Crime In The City Maybe we'll always have Paris, but these authors have their favorite cities, too. In a series of stories, crime novelists give listeners a tour of the places they and their characters inhabit. They include Randy Wayne White's Sanibel Island, Gabriel Cohen's Brooklyn and David Baldacci's Washington, DC.

Kwei Quartey sets one of the crime scenes in his second D.I. Dawson book in Agbogbloshie, an Accra slum. Ofeibea Quist-Arcton /NPR hide caption

toggle caption
Ofeibea Quist-Arcton /NPR

Ghanaian Mystery Writer Says 'It's Easy To Get Murdered In Accra'

  • Download
  • <iframe src="https://www.npr.org/player/embed/344239617/344935075" width="100%" height="290" frameborder="0" scrolling="no" title="NPR embedded audio player">
  • Transcript

The Hagia Sophia is one of the city's most well-known Byzantine monuments, but it's also home to a lesser-known memorial: a plaque for the man who encouraged the Fourth Crusade's plundering of the city. Bulent Kilic/AFP/Getty Images hide caption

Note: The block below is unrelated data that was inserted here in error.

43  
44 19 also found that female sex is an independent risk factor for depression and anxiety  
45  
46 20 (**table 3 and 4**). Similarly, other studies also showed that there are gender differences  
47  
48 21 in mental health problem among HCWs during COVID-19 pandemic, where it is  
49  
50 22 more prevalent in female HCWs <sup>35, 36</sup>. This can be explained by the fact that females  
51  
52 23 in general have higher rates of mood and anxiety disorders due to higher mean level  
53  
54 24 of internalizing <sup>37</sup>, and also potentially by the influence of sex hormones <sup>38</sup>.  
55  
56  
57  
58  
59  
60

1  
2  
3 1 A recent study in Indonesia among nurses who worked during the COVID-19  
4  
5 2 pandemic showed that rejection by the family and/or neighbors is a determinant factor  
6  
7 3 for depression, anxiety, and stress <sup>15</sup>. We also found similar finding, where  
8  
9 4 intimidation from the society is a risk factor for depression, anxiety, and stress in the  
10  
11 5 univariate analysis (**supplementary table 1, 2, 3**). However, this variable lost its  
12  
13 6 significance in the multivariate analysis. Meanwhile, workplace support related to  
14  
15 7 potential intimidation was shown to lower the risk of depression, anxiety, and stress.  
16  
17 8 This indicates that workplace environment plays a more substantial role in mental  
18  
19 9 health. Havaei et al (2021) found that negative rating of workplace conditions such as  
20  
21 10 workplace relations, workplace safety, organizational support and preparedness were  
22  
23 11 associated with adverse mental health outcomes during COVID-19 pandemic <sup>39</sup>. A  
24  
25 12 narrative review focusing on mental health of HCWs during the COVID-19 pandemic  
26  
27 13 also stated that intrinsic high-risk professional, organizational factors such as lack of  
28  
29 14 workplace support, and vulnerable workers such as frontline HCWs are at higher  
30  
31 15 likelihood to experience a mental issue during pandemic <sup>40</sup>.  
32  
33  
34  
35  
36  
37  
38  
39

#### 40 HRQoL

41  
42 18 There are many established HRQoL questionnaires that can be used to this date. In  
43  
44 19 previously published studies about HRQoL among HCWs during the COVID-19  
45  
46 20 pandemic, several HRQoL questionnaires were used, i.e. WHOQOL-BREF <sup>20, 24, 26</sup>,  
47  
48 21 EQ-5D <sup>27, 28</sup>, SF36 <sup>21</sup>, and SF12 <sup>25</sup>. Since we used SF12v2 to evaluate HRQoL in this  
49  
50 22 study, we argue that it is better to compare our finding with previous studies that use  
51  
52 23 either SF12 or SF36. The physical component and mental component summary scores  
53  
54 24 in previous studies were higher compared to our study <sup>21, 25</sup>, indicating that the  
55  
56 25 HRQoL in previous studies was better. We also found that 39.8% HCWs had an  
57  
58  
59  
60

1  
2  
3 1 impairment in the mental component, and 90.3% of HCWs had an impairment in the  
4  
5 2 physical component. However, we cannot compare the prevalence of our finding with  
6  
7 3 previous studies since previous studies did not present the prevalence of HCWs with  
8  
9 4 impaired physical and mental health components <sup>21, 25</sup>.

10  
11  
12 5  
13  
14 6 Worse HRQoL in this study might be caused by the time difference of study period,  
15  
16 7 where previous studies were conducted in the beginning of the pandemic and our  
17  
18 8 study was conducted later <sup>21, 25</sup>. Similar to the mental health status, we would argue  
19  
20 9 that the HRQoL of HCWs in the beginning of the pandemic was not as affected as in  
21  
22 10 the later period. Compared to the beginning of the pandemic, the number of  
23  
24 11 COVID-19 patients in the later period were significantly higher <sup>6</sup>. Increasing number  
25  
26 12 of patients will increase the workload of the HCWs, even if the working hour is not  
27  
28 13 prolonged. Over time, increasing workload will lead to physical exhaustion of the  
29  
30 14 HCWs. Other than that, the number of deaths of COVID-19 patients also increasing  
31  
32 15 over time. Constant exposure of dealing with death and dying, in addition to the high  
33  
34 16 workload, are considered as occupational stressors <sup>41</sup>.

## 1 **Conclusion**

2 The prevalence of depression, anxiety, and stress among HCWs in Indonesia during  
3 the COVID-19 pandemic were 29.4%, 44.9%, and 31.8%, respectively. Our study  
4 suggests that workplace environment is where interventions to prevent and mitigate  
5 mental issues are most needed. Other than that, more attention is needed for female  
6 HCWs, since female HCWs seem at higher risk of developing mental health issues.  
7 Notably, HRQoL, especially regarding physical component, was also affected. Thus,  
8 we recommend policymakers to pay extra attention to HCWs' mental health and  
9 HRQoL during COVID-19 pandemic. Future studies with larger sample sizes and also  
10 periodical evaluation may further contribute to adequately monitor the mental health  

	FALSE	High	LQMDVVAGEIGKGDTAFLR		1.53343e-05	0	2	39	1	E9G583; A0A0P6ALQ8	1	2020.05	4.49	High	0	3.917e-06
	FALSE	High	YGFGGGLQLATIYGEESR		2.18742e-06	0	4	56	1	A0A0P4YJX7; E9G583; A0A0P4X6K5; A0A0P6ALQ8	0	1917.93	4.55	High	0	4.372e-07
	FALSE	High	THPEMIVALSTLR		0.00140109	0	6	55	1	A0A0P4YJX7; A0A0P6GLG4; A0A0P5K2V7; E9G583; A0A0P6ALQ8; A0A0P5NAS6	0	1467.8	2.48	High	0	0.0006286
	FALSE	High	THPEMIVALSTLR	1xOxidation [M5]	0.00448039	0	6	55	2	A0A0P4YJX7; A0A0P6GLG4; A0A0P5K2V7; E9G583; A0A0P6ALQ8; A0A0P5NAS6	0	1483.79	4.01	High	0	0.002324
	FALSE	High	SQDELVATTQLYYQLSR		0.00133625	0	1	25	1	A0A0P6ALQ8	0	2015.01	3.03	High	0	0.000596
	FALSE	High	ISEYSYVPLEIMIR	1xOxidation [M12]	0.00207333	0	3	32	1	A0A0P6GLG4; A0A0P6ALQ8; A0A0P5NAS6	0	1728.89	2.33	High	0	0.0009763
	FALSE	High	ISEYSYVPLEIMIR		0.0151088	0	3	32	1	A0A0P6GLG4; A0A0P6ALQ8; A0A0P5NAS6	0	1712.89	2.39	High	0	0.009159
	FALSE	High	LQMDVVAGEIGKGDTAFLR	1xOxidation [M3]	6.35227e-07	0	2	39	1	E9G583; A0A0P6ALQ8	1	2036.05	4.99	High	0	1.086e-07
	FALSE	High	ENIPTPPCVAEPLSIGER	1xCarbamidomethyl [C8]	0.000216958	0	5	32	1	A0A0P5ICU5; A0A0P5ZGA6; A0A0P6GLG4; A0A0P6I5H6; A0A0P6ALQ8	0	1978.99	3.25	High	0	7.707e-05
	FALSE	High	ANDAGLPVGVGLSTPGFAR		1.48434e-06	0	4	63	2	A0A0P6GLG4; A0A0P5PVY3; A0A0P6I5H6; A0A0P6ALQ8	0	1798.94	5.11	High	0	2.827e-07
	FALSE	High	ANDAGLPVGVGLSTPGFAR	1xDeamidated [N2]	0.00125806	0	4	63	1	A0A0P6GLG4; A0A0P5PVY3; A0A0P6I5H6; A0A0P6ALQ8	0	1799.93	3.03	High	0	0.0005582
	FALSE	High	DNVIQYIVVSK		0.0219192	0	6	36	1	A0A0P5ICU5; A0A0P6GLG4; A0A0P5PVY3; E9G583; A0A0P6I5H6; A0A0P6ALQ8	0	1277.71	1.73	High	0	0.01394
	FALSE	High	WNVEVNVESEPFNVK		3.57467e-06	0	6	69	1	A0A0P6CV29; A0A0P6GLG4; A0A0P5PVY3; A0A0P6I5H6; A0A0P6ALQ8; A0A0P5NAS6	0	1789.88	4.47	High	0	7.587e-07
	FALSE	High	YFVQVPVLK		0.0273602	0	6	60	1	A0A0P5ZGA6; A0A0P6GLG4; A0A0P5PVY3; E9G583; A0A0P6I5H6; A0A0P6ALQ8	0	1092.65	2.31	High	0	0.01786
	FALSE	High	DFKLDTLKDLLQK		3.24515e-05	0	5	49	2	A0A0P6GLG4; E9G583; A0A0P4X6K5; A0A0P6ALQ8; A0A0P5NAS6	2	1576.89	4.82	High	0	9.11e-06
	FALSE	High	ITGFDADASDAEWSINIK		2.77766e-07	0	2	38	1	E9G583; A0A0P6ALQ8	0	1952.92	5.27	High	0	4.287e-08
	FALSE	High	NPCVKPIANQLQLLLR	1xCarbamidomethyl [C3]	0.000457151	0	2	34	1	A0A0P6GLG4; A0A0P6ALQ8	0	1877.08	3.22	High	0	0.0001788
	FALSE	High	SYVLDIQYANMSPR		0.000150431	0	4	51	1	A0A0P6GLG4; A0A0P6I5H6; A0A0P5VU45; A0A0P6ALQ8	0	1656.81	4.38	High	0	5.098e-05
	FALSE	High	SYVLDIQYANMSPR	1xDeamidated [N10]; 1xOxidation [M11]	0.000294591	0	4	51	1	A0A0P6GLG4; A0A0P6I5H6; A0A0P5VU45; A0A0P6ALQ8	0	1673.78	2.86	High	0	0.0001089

toggle caption
Bulent Kilic/AFP/Getty Images

Mystery Writer Finds Istanbul's Byzantine Past Hiding In Plain Sight

  • Download
  • <iframe src="https://www.npr.org/player/embed/341927781/343073982" width="100%" height="290" frameborder="0" scrolling="no" title="NPR embedded audio player">
  • Transcript

Mary Lou Longworth has set most of her mysteries in Aix-en-Provence, a small city in Southern France. "I liked the idea of this beautiful, beautiful place having a dark side," she says. Ben Bowes via Flickr hide caption

toggle caption
Ben Bowes via Flickr

Mystery Writer Weaves Intricate Puzzles In Sleepy French Town

  • Download
  • <iframe src="https://www.npr.org/player/embed/340411514/340562960" width="100%" height="290" frameborder="0" scrolling="no" title="NPR embedded audio player">
  • Transcript

The Empire State Building shines while Greenwich Village remains dark during the 1977 New York City blackout. Carlos Rene Perez/AP hide caption

toggle caption
Carlos Rene Perez/AP

Mystery Writer Evokes The Sights, Sound And Grime Of 1970s New York

  • Download
  • <iframe src="https://www.npr.org/player/embed/338014371/338498190" width="100%" height="290" frameborder="0" scrolling="no" title="NPR embedded audio player">
  • Transcript

Hall sits in a sunny bay window to write. "My first drafts are always in long hand, on legal pads," she explains. "I love putting pen to paper." Andre Ellis hide caption

toggle caption
Andre Ellis

Crime Writer Creates A Hero For Her Beloved, Much-Maligned South LA

  • Download
  • <iframe src="https://www.npr.org/player/embed/334616521/336228362" width="100%" height="290" frameborder="0" scrolling="no" title="NPR embedded audio player">